More Liberal voices. A response to the EC public consultation on a ‘European Taxpayer’s Code’

Lithuanian Free Market Institute in partnership with F. A. Hayek Foundation (Slovakia), Civil Development Forum (FOR) (Poland), Institute of Economic and Social Studies (INESS) (Slovakia), Institute for Market Economics (IME) (Bulgaria), Centre for Economic and Market Analyses (CETA),  (Czech Republic)and the Friedrich Naumann Foundation for Freedom (Germany) contributed to the public consultation of European Commission on a ‘European Taxpayer’s Code’, which took place from 25.02.2013 to 17.05.2013.

Tax code

A ‘European Taxpayer’s Code’

Objective of the consultation

The aim of a European taxpayer’s code is to introduce measures to combat tax evasion and put forward a set of rules that taxpayers would commit to follow.

Response in brief

A European taxpayer’s code could be useful for the EU taxpayers if it ensured legal certainty, which is not always provided by the local tax codes (if at all). <…> the right to a high degree of predictability of tax law <…> would improve the tax system in the EU member states.

A European taxpayer’s code would immensely benefit the European taxpayers if it limited the length of an audit process. Introducing a binding limit on the length of an audit would lower the burden of tax administration.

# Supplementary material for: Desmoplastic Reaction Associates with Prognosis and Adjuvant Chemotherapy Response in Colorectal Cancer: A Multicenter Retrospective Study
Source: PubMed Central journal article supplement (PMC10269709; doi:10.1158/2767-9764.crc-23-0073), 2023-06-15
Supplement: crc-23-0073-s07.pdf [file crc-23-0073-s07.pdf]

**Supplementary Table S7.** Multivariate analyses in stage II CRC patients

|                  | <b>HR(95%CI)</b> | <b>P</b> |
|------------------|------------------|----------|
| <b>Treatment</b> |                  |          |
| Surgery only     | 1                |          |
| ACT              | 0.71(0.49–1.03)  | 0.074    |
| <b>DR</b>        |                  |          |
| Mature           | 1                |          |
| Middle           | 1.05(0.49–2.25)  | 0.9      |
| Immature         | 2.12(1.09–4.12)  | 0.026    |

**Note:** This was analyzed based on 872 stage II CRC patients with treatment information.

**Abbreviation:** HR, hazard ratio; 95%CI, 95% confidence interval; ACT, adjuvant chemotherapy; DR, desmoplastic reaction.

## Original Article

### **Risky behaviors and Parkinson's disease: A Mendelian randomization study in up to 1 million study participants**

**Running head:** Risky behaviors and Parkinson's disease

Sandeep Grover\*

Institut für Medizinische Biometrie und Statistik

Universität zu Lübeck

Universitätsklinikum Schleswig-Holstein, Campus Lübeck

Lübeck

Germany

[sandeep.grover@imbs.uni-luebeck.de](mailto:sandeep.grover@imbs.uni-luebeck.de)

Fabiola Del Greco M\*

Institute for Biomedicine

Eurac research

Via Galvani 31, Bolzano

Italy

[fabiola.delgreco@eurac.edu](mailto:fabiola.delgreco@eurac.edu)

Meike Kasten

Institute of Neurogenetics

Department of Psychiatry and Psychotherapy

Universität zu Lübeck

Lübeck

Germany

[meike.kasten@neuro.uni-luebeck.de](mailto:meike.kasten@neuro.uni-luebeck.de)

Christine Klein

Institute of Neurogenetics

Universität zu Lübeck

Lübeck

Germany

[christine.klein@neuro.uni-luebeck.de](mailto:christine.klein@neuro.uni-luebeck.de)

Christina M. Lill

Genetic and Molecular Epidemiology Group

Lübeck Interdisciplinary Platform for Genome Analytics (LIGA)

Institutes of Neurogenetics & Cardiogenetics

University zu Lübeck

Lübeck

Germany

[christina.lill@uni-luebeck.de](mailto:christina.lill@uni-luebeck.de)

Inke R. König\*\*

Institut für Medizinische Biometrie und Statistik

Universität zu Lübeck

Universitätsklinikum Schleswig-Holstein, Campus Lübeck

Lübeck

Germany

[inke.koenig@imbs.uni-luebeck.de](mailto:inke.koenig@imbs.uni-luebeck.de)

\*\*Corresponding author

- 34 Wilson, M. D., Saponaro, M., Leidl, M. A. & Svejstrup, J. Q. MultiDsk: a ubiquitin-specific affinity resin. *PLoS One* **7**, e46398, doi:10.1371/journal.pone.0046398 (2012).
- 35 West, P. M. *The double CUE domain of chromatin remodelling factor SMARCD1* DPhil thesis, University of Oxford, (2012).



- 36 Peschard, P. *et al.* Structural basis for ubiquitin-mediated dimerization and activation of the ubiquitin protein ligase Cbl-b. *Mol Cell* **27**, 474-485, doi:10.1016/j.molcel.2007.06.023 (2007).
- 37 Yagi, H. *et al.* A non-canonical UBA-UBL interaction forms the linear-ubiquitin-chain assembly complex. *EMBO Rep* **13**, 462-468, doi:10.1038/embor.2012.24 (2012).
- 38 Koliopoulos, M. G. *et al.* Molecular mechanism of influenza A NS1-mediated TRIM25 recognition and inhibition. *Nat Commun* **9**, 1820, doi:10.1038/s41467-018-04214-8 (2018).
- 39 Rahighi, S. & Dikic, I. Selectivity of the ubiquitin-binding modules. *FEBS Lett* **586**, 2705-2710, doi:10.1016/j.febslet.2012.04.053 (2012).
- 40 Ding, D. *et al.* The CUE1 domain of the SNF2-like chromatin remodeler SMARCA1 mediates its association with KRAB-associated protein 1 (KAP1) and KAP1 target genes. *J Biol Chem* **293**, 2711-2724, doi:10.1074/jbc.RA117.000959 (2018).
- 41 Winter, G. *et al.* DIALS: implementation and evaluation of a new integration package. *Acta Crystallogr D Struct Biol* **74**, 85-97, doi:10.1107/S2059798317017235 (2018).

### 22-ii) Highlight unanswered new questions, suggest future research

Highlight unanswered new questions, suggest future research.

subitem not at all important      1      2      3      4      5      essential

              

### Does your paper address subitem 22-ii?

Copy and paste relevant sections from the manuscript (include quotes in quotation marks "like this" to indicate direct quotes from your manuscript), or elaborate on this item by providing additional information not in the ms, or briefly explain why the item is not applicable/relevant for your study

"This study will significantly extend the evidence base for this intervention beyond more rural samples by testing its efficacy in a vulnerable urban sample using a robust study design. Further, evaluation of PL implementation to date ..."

The aim of a European taxpayer’s code is to introduce measures to combat tax evasion and put forward a set of rules that taxpayers would commit to follow. Taxpayers already face an obligation to pay taxes and reiterating this obligation in a separate tax code is unnecessary. These are not measures that should be included in a taxpayer’s code, since they will not produce any tangible benefit to the taxpayers. However, if such a code is to be passed, taxpayers would benefit from provisions ensuring legal certainty, such as the right to a high degree of predictability of tax law amendments; of limiting the length of an audit process; service standards; impartiality and independence; responsiveness of the local tax administrators.

A European taxpayer’s code could be useful for the EU taxpayers if it ensured legal certainty, which is not always provided by the local tax codes (if at all). For example, the right to a high degree of predictability of tax law amendments is not necessarily provided in all the EU member states. Including this right in the European taxpayer’s code and introducing a binding limit when tax law amendments can come into effects, such as 6 months after they were passed, would improve the tax system in the EU member states.

A European taxpayer’s code would immensely benefit the European taxpayers if it limited the length of an audit process. In some cases, the audit process performed at the taxpayer’s office is limited, but the length of the process performed at the tax administrator’s office is unlimited. This may result in protracted audit processes, taking up to 3 years to complete. Introducing a binding limit on the length of an audit would lower the burden of tax administration.

Service standards, impartiality and independence are other areas where a European taxpayer’s code could be helpful for the taxpayers.

Responsiveness of the local tax administrators could also be ensured by a European taxpayer’s code, whereby binding limits could be introduced ensuring that the taxpayers’ request for clarification is provided in a reasonable time.